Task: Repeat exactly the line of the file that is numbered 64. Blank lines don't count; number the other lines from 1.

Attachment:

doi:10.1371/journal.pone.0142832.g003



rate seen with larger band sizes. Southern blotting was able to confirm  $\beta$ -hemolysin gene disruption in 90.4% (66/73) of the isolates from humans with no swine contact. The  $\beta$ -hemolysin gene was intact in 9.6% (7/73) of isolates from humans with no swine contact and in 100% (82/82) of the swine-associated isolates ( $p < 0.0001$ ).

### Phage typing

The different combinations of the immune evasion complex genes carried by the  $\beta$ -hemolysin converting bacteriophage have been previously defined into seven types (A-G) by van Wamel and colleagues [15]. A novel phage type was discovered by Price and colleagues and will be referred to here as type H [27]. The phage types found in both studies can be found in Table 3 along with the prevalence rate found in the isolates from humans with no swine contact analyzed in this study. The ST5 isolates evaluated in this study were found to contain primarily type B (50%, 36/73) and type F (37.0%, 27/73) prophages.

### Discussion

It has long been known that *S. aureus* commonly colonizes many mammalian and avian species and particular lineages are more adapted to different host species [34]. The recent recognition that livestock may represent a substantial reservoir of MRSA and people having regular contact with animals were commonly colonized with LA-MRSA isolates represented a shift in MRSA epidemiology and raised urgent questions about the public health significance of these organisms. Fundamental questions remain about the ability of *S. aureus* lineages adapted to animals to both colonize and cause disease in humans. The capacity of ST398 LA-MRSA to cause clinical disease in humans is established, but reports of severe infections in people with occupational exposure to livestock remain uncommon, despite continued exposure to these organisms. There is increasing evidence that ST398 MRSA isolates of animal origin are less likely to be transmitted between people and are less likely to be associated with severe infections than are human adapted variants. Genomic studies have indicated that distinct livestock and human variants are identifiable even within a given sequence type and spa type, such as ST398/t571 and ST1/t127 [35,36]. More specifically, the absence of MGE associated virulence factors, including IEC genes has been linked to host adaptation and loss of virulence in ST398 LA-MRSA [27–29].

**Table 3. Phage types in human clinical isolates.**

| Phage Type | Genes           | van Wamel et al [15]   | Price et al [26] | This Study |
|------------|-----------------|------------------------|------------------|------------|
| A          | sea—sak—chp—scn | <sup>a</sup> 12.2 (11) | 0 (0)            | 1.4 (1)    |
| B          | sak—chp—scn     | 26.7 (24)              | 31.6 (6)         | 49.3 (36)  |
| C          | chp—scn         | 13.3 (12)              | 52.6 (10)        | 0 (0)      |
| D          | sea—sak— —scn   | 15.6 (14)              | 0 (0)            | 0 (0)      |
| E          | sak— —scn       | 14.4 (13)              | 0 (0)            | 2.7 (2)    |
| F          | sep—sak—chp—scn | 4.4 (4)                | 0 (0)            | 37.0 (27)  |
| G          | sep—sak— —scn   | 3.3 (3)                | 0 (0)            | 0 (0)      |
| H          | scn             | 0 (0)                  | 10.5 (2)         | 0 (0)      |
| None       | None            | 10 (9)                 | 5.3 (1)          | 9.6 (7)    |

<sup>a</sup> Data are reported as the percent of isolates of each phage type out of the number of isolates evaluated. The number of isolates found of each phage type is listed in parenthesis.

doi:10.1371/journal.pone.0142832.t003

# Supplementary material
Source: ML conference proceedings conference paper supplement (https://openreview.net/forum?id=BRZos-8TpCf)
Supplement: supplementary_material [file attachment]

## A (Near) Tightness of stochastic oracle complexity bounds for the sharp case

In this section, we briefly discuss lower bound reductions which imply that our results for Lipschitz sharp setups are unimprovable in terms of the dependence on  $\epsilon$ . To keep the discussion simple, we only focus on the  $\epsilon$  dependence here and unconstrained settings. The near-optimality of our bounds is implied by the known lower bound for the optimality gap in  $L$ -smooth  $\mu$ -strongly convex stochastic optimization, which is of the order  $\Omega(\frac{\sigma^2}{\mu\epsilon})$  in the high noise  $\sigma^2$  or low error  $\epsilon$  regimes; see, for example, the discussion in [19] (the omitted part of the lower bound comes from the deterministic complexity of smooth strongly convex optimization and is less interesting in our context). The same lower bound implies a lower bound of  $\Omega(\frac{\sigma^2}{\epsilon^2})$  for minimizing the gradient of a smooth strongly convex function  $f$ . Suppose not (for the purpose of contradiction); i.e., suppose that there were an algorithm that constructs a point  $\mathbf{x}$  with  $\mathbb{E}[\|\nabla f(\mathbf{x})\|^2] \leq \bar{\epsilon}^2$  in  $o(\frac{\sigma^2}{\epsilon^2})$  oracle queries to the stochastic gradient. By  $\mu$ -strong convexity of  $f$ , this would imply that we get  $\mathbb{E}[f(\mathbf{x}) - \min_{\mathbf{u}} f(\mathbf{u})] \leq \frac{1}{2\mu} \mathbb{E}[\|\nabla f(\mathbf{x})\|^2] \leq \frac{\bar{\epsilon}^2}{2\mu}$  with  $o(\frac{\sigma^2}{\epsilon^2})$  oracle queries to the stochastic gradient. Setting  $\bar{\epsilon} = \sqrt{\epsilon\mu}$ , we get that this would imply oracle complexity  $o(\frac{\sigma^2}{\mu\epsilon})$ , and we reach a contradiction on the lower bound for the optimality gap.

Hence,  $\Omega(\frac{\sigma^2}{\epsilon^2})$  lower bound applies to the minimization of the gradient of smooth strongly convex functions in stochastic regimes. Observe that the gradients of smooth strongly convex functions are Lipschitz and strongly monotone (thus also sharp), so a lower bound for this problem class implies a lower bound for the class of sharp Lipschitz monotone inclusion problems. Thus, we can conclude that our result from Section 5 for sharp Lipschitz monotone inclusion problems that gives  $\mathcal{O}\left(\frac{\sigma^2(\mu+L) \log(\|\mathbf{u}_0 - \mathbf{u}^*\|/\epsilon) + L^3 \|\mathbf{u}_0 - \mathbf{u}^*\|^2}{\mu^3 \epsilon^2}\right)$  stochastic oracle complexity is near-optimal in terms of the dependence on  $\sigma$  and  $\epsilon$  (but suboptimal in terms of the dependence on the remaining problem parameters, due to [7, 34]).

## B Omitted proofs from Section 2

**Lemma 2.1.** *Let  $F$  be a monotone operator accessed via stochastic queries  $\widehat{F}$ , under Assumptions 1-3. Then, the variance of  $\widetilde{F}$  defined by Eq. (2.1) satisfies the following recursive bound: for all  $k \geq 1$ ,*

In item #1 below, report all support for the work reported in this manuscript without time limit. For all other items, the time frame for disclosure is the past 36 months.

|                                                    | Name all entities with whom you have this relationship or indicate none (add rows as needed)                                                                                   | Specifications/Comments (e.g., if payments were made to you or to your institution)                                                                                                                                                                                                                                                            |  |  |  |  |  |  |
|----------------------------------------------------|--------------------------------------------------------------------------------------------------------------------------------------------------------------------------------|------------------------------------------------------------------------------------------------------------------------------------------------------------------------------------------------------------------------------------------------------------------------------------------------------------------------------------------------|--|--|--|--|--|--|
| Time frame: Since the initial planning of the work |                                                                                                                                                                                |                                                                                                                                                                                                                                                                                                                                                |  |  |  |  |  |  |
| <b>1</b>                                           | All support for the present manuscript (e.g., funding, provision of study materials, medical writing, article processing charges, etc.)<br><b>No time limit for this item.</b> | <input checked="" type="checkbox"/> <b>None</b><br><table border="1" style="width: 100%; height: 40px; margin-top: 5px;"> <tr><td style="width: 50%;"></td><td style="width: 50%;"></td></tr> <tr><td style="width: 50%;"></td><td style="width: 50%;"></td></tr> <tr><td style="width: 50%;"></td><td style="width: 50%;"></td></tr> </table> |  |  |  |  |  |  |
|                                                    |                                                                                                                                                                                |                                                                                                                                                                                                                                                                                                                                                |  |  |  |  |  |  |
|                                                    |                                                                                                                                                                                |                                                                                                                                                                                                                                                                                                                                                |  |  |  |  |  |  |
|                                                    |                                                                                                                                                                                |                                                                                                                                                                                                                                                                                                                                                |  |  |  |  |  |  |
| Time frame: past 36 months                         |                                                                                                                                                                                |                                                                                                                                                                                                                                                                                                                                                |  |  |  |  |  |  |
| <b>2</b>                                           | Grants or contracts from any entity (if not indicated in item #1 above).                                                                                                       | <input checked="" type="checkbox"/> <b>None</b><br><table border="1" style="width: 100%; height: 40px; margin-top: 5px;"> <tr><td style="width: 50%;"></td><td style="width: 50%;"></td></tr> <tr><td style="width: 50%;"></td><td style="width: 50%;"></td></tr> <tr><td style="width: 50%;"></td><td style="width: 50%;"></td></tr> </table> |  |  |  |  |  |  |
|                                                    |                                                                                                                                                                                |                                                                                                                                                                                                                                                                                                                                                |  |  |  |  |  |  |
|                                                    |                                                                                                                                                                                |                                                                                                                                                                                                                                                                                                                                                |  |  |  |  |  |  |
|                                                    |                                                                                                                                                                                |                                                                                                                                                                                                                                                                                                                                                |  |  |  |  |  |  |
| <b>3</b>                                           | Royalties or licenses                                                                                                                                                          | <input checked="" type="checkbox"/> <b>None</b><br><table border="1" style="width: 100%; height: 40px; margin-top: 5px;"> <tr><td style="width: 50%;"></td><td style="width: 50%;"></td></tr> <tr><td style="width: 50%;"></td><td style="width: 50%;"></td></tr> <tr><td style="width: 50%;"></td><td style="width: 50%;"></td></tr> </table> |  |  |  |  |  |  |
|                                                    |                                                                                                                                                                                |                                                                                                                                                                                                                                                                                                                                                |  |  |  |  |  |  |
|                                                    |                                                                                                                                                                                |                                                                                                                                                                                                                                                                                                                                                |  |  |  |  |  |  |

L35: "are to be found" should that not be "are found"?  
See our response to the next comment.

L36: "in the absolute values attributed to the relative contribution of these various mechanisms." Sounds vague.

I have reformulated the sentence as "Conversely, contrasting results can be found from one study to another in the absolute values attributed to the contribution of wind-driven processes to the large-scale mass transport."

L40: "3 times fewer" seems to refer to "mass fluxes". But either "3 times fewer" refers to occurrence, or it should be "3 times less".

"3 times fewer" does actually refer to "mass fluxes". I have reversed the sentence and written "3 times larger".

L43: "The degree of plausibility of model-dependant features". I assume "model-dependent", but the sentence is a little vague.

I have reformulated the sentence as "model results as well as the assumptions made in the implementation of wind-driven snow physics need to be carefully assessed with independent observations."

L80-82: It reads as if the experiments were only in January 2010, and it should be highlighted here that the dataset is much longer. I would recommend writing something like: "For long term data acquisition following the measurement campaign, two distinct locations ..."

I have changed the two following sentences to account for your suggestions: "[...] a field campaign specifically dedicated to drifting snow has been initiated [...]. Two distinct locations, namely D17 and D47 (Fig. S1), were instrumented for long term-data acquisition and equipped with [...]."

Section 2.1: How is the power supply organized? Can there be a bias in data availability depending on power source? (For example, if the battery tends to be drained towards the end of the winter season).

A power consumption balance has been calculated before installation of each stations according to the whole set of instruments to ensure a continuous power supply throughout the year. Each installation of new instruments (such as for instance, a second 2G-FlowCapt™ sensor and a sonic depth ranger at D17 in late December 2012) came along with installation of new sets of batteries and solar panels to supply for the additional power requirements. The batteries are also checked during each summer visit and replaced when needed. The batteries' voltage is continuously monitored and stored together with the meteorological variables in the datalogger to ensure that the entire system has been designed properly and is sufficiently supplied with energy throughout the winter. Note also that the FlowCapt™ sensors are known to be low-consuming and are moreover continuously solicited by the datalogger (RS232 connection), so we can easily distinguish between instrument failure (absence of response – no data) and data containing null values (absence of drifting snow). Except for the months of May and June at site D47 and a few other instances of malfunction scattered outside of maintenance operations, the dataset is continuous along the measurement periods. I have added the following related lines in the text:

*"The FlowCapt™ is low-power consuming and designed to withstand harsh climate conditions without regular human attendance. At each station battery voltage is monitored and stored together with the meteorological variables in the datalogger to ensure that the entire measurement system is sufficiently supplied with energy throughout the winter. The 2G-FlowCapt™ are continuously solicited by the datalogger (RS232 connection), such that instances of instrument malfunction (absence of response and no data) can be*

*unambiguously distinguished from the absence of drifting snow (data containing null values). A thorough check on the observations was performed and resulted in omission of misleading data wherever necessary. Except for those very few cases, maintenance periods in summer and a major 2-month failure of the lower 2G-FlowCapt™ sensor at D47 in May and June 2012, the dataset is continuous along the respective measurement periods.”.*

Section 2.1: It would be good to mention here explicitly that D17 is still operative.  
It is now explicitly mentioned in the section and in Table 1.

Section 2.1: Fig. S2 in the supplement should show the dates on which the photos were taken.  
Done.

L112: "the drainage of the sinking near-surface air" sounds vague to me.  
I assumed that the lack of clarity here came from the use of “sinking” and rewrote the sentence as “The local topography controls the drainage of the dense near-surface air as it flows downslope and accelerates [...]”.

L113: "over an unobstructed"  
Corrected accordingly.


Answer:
I assumed that the lack of clarity here came from the use of “sinking” and rewrote the sentence as “The local topography controls the drainage of the dense near-surface air as it flows downslope and accelerates [...]”.